They found that the magnitude of CD4+ and CD8+ T cell responses in vaccinated individuals to peptides from the alpha and gamma variant were similar to the ancestral variant peptides.

However, they noticed a 14% and 22% decrease in the magnitude of CD4+ and CD8+ T cell response, respectively, to beta variant peptides. Similarly, the CD8+ T cell response to peptides from the epsilon variant was lower (10%) than the ancestral variants.

These results show that the T cell response to VOCs in vaccinated individuals was largely unaffected.

The VOCs often carry mutations in genes that code for the spike protein. The spike protein mediates the entry of SARS-CoV-2 into human cells, while spike mutations can increase transmissibility or prevent binding to neutralizing antibodies.

The researchers compared the T cell response to spike protein peptides from the different SARS-CoV-2 variants using flow cytometry. They also measured the T cell response by detecting the secretion of the cytokines IFNγ and IL-5 after peptide exposure.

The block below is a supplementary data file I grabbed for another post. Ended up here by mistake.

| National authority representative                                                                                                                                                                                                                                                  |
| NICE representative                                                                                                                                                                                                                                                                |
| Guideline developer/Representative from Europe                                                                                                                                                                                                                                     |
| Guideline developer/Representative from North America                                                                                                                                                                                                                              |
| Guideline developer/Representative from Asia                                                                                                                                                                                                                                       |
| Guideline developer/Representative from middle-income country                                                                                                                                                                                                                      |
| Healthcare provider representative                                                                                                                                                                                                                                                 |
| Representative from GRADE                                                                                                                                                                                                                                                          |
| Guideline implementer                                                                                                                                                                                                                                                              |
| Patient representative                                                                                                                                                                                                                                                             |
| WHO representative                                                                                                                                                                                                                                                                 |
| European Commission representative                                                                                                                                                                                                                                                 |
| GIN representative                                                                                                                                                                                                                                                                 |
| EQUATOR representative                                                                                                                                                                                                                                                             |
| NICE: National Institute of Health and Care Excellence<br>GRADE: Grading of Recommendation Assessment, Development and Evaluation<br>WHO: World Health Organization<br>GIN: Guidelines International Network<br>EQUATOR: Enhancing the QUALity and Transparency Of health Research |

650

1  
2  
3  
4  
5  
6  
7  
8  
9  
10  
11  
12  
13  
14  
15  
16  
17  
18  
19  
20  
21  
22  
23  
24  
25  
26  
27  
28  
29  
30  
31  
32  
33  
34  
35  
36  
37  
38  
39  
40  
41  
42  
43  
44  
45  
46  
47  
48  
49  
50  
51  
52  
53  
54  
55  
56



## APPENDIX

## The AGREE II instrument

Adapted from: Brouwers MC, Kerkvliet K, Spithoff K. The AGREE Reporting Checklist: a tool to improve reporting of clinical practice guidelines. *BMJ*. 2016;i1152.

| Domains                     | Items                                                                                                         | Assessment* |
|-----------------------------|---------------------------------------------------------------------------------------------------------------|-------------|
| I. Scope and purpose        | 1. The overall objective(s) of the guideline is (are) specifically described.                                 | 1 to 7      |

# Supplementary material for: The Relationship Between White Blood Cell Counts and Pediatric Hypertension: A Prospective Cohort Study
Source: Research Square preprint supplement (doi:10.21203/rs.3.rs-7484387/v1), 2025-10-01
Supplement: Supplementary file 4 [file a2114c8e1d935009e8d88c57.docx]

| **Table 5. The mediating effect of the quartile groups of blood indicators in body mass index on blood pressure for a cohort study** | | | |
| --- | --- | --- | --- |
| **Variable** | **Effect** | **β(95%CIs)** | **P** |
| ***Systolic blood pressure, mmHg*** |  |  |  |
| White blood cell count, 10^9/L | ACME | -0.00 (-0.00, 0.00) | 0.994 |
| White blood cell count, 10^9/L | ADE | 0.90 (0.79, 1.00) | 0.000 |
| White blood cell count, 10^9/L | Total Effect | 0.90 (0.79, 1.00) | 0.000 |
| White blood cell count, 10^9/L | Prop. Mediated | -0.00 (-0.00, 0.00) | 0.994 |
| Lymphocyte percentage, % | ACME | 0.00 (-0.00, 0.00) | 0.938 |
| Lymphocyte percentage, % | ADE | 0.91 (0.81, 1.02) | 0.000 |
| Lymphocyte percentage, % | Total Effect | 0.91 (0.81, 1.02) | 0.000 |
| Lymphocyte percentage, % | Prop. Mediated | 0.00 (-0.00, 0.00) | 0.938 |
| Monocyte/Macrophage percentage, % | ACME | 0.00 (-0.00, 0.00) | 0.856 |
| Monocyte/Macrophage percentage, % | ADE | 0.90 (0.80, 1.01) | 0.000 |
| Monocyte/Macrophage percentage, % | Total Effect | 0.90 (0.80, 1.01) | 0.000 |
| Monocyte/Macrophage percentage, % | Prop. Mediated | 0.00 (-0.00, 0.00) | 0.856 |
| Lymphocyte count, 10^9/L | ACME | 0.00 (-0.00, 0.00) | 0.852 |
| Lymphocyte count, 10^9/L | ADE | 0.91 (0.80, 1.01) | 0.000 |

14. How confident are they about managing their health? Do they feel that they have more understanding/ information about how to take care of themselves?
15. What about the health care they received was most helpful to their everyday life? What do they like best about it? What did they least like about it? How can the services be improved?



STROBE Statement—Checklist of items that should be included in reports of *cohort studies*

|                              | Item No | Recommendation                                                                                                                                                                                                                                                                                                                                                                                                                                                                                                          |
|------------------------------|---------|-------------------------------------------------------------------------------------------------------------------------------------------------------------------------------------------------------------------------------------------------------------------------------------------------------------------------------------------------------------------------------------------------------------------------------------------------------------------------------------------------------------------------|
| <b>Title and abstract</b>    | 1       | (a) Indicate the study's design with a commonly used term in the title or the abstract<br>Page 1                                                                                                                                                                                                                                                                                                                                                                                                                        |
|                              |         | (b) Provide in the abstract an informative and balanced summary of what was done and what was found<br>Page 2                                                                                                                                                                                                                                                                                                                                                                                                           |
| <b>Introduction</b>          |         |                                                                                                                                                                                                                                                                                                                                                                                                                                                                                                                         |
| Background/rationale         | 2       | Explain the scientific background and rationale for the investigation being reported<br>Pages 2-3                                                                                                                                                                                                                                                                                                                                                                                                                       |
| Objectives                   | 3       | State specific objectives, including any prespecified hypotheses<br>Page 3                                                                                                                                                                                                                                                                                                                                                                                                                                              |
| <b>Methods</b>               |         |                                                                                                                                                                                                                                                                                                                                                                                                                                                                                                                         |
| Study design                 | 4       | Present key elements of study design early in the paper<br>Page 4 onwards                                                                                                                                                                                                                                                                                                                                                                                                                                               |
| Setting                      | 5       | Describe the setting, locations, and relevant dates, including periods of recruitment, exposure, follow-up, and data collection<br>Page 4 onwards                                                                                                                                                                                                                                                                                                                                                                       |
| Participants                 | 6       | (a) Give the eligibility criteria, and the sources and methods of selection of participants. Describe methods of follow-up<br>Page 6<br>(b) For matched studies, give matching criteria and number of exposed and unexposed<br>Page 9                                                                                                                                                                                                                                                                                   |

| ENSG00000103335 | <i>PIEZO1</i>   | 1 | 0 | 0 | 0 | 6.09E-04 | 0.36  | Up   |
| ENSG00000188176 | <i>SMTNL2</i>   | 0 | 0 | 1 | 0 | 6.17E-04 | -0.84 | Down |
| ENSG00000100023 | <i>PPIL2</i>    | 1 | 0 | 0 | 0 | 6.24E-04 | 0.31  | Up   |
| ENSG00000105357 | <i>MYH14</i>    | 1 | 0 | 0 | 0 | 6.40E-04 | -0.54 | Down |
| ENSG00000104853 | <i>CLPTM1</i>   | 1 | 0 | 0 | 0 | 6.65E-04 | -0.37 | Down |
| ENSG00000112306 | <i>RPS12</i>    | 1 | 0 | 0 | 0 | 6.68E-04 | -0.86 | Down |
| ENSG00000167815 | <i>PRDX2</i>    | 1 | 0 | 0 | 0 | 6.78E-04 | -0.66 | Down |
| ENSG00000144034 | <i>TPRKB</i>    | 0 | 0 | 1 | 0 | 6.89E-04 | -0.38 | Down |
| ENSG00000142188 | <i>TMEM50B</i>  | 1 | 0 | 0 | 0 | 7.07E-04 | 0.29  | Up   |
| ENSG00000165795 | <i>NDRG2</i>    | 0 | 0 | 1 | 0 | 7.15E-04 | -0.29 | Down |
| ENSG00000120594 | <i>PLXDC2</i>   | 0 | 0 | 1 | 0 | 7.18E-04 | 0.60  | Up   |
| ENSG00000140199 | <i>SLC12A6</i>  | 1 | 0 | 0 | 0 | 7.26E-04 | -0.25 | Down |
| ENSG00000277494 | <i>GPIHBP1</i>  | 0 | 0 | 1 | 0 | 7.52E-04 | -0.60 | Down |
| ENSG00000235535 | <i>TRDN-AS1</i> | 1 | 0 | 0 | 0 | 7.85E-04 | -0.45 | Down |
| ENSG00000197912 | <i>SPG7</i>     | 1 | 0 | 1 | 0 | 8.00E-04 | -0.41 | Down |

The team found that T cells from vaccinated individuals produced similar responses to the spike protein peptides from the VOCs and the original variant.

However, T cells from recovering donors showed a lower response to the alpha, beta, and epsilon variants than the original variant in the cytokine assay.

The researchers then wanted to understand why the mutations in the VOCs did not significantly affect T cell response.

T cells recognize specific sections on the SARS-CoV-2 peptides called “epitopes,” resulting in T cell activation.

Therefore, the scientists investigated if the mutations in the VOCs affected the T cell epitopes. They studied this by adopting a bioinformatics approach, using an algorithm to make predictions based on experimental data from a previous study.

The analysis predicted that over 90% of the CD4+ and CD8+ T cell epitopes characterized in the original variant were likely to remain unchanged or conserved in the VOCs.